By examining a company’s sales, earnings, and cash flow, valuation measures provide investors with an easy way to determine its worth.
To decide if an investment is appealing, these measurements compare the firm’s value to the market’s evaluation of the company.
Let’s look at the most popular valuation methods and see why we think free cash flow yield is the most valued of them all.
Investors can utilize a variety of value metrics. So, which is the better option? Let’s take a look at a few of the most prevalent ones.
A lower ratio, with the exception of free cash flow yield, implies a more appealing investment.
What do each of these measures mean, and what do they tell investors, putting aside the definitions? Is it true that all measurements are created equal?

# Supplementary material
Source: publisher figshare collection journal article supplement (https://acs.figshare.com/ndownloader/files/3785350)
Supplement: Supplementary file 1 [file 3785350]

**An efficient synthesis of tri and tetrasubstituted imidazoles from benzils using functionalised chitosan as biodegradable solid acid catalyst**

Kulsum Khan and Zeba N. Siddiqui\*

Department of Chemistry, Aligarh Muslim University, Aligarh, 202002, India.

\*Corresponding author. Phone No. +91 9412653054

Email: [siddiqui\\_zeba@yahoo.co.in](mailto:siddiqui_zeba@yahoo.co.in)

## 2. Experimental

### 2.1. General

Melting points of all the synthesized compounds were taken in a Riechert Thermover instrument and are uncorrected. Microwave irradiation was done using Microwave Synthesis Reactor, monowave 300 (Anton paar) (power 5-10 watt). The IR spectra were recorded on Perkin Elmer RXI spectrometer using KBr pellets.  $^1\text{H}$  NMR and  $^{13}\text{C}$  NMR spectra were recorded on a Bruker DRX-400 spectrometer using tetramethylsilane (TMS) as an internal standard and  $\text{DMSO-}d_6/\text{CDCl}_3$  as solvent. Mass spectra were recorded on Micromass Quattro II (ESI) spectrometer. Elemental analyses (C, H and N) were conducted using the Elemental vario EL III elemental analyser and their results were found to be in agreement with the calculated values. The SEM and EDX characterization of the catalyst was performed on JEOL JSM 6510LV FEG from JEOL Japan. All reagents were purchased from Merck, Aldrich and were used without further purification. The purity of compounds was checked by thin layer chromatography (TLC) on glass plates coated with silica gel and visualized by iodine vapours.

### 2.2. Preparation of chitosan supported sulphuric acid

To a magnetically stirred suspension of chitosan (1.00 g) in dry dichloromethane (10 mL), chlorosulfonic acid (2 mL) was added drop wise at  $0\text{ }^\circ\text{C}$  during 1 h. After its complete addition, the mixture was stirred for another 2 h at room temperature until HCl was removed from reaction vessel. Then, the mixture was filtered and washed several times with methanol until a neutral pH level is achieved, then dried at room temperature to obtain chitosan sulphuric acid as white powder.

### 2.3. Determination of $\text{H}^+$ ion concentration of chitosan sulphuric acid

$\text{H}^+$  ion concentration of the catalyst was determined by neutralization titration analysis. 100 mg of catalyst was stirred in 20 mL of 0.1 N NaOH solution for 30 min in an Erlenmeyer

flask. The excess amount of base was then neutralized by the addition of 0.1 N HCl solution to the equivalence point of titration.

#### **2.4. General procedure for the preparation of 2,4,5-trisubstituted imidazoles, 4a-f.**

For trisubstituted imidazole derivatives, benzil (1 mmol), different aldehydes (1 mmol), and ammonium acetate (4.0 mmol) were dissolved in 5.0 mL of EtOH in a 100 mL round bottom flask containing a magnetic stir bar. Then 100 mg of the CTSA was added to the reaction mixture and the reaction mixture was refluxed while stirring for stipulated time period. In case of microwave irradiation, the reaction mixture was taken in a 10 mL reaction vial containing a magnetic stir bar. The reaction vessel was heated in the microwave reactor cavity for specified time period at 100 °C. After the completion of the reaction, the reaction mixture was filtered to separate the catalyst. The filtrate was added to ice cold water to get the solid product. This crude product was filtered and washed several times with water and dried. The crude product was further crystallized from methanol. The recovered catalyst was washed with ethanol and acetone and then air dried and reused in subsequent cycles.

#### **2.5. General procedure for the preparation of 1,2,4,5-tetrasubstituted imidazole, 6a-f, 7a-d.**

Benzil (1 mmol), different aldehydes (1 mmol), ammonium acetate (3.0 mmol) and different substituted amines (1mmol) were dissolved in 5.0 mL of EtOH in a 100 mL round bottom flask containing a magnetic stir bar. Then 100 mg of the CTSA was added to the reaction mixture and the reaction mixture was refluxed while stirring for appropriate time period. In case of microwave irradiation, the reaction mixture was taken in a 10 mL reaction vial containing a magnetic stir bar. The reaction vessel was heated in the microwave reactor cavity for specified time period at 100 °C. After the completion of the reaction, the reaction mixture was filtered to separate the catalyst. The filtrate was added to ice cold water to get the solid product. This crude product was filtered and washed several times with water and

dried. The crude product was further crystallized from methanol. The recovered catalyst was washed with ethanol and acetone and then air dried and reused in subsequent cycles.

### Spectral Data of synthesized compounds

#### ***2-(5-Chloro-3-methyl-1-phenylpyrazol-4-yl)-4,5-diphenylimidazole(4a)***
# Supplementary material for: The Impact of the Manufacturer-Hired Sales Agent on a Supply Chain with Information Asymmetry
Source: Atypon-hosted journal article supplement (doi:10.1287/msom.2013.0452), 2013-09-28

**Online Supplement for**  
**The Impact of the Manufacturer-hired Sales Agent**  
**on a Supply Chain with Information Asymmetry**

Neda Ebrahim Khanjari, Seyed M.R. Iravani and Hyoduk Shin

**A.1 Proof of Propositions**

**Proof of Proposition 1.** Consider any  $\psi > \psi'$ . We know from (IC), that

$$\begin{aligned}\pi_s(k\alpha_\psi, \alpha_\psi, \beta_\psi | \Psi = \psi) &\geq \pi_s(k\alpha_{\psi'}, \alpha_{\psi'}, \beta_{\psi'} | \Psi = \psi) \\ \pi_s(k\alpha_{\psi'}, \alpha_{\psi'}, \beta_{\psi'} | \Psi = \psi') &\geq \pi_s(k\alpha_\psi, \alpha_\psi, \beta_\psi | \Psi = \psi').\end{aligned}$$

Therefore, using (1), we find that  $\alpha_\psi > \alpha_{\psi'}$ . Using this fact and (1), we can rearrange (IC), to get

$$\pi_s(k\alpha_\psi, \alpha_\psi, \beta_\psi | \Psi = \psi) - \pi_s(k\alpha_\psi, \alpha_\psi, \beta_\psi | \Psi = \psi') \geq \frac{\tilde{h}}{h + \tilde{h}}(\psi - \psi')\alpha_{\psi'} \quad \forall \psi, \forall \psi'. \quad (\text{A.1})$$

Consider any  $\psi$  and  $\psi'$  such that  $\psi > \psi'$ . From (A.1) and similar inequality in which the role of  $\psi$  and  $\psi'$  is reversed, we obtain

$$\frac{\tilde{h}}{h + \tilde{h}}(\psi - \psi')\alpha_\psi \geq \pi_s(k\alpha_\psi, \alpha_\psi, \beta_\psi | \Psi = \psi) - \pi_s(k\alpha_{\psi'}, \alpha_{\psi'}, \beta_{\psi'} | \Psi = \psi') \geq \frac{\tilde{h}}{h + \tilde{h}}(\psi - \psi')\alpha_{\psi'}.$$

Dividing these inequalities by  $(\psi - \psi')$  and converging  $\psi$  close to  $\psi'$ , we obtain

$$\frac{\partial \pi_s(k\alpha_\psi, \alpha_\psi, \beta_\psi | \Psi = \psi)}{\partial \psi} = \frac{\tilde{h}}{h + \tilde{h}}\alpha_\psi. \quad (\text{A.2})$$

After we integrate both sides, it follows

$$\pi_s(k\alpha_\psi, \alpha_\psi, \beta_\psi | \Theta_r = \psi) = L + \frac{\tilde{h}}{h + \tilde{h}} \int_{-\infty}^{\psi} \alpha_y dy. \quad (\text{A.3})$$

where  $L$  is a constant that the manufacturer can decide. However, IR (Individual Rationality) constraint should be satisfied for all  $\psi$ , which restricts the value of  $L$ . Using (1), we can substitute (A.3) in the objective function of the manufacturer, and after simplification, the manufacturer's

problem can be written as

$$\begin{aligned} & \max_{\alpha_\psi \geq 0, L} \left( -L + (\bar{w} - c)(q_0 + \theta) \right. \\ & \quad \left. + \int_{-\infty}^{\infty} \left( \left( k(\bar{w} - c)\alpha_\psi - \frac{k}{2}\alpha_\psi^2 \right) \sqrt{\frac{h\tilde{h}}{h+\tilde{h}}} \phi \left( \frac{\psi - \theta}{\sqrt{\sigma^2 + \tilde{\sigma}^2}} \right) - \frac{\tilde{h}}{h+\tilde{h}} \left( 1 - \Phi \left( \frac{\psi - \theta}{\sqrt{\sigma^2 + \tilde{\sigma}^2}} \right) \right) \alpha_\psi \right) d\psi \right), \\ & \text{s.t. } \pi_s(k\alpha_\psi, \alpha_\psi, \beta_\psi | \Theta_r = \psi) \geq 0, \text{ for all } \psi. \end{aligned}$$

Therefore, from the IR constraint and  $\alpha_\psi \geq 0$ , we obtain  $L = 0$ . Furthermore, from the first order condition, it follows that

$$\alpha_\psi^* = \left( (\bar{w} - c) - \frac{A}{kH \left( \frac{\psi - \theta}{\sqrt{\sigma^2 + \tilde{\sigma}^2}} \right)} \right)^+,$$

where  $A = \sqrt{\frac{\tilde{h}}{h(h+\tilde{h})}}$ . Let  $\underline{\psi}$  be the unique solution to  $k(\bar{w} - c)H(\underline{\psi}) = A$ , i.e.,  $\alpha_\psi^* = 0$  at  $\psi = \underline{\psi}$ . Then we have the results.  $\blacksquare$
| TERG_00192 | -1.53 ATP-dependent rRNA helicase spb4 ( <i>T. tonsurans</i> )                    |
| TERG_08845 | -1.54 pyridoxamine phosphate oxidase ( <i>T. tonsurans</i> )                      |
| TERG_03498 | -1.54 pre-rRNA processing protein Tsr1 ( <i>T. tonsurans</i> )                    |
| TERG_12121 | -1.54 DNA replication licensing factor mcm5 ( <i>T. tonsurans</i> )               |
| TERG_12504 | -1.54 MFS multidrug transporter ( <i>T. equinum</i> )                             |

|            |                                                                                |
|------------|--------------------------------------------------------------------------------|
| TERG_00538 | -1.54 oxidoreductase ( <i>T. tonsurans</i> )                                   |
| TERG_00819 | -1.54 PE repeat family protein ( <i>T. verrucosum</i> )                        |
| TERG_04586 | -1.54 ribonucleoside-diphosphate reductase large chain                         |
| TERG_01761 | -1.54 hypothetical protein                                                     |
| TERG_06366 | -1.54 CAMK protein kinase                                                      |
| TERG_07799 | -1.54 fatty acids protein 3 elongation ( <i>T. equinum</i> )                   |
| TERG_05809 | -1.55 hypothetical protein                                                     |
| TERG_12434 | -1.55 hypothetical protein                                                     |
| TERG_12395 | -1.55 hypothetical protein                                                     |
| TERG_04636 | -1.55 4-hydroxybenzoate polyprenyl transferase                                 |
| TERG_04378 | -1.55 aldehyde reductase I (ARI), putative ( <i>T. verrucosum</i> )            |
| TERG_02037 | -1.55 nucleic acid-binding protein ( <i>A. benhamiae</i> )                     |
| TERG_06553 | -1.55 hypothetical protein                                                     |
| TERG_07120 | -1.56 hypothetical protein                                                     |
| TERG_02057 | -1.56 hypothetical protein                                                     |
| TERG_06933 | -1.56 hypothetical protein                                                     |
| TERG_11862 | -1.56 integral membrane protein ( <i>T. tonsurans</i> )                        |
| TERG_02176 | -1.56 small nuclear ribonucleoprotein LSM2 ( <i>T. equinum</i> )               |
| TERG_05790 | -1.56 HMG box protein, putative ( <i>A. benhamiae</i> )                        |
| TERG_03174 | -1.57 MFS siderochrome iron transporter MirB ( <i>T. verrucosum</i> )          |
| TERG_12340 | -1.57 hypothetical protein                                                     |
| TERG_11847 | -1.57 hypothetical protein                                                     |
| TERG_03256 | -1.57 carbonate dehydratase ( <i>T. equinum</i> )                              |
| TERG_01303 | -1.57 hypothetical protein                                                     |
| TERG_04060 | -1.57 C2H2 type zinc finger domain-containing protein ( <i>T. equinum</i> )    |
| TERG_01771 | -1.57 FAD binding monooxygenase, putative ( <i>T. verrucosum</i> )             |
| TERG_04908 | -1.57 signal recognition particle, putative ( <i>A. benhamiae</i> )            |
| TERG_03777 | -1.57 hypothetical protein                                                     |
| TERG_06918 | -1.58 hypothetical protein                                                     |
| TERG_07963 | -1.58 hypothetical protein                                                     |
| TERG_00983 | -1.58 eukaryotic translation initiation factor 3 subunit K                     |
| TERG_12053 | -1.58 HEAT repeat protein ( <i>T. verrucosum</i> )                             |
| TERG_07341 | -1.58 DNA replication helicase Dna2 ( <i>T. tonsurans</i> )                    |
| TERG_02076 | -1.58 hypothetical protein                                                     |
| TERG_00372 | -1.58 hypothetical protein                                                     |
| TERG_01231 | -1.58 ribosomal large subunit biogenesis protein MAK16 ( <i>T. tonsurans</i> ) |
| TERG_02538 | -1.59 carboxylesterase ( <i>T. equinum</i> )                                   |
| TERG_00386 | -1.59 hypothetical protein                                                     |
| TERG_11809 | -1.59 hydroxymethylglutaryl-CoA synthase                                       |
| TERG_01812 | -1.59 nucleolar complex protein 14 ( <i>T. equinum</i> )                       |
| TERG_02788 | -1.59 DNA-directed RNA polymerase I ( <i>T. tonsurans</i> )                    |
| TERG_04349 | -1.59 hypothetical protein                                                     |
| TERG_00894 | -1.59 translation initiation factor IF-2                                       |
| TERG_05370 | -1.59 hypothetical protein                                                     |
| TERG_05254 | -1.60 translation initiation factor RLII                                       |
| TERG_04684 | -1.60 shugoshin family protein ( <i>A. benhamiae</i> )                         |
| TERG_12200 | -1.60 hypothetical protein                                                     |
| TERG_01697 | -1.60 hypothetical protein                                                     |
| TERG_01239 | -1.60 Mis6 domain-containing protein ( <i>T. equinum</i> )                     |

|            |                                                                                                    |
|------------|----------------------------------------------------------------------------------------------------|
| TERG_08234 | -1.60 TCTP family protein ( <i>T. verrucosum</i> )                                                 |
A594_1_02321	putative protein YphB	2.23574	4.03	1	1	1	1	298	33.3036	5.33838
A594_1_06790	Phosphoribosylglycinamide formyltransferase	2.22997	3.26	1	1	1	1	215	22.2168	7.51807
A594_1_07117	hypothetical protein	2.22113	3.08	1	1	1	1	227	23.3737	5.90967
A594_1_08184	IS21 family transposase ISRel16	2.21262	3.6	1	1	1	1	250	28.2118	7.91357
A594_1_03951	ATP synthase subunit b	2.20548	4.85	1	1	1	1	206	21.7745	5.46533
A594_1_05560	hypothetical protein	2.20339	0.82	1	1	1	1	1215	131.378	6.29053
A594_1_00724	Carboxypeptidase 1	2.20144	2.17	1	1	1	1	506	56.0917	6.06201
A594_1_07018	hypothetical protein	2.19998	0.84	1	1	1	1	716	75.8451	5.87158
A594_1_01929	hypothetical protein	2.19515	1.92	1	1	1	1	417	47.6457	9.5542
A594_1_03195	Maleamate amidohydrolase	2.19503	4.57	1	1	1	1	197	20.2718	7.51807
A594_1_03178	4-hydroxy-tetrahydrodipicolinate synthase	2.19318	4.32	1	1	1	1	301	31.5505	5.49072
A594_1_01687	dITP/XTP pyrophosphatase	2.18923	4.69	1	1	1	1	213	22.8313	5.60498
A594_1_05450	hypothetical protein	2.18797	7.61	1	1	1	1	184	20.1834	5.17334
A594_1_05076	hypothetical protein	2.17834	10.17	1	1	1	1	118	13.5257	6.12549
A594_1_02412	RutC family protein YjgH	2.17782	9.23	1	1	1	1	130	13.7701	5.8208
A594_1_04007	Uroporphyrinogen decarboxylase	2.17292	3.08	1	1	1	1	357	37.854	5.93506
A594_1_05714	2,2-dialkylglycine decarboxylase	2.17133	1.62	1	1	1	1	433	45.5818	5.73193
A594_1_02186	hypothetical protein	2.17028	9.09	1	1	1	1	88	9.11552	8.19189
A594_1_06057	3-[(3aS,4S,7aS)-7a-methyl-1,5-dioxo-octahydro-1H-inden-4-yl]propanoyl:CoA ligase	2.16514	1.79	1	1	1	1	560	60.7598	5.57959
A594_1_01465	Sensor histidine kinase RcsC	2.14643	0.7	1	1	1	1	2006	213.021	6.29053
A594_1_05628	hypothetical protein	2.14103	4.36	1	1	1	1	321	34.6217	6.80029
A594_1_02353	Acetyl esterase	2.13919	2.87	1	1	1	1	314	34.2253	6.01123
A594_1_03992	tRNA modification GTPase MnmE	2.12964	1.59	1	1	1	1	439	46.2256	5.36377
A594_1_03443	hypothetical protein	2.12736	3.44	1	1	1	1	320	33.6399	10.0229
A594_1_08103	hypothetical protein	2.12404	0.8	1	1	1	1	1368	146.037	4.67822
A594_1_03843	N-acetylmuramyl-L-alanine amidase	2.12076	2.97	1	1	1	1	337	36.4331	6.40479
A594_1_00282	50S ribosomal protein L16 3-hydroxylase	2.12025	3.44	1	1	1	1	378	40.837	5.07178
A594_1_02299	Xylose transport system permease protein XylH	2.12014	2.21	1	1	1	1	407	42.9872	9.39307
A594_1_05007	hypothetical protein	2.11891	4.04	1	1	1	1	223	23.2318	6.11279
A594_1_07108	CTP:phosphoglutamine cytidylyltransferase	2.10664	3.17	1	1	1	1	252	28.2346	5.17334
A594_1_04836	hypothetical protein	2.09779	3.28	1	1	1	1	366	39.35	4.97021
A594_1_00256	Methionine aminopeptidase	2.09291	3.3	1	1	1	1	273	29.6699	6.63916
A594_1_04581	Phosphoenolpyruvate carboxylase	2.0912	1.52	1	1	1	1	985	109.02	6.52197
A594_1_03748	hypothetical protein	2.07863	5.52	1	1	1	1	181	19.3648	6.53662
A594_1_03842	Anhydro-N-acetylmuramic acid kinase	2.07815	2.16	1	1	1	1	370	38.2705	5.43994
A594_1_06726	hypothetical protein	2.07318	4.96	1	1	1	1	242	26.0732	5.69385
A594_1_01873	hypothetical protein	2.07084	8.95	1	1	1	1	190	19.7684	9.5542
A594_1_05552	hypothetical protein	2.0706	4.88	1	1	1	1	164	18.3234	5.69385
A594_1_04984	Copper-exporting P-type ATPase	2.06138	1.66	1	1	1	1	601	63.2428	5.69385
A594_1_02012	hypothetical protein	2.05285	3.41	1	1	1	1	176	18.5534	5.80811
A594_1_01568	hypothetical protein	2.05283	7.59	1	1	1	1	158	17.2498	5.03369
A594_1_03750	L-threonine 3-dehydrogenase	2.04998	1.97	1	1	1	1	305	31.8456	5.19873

As Buffett points out, the most essential indicator is free cash flow, and other metrics are only a guide to determining free cash flow.
“Common yardsticks such as dividend yield, the ratio of price to earnings or to book value, and even growth rates have nothing to do with valuation except to the extent they provide clues to the amount and timing of cash flows into and from the business.” – Warren Buffett’s 2000 Annual Letter
Since December 31, 1991, a portfolio based on each of these indicators has done well, as seen in the chart below. The investor had the largest return and the fewest times of negative return when using free cash flow yield (free cash flow/enterprise value).
There’s no way of knowing whether free cash flow yield will continue to give the best returns in the future. In fact, there have been times in the past when companies with high free cash flow yields underperformed. Nonetheless, we feel there is a compelling reason to use free cash flow yield to invest.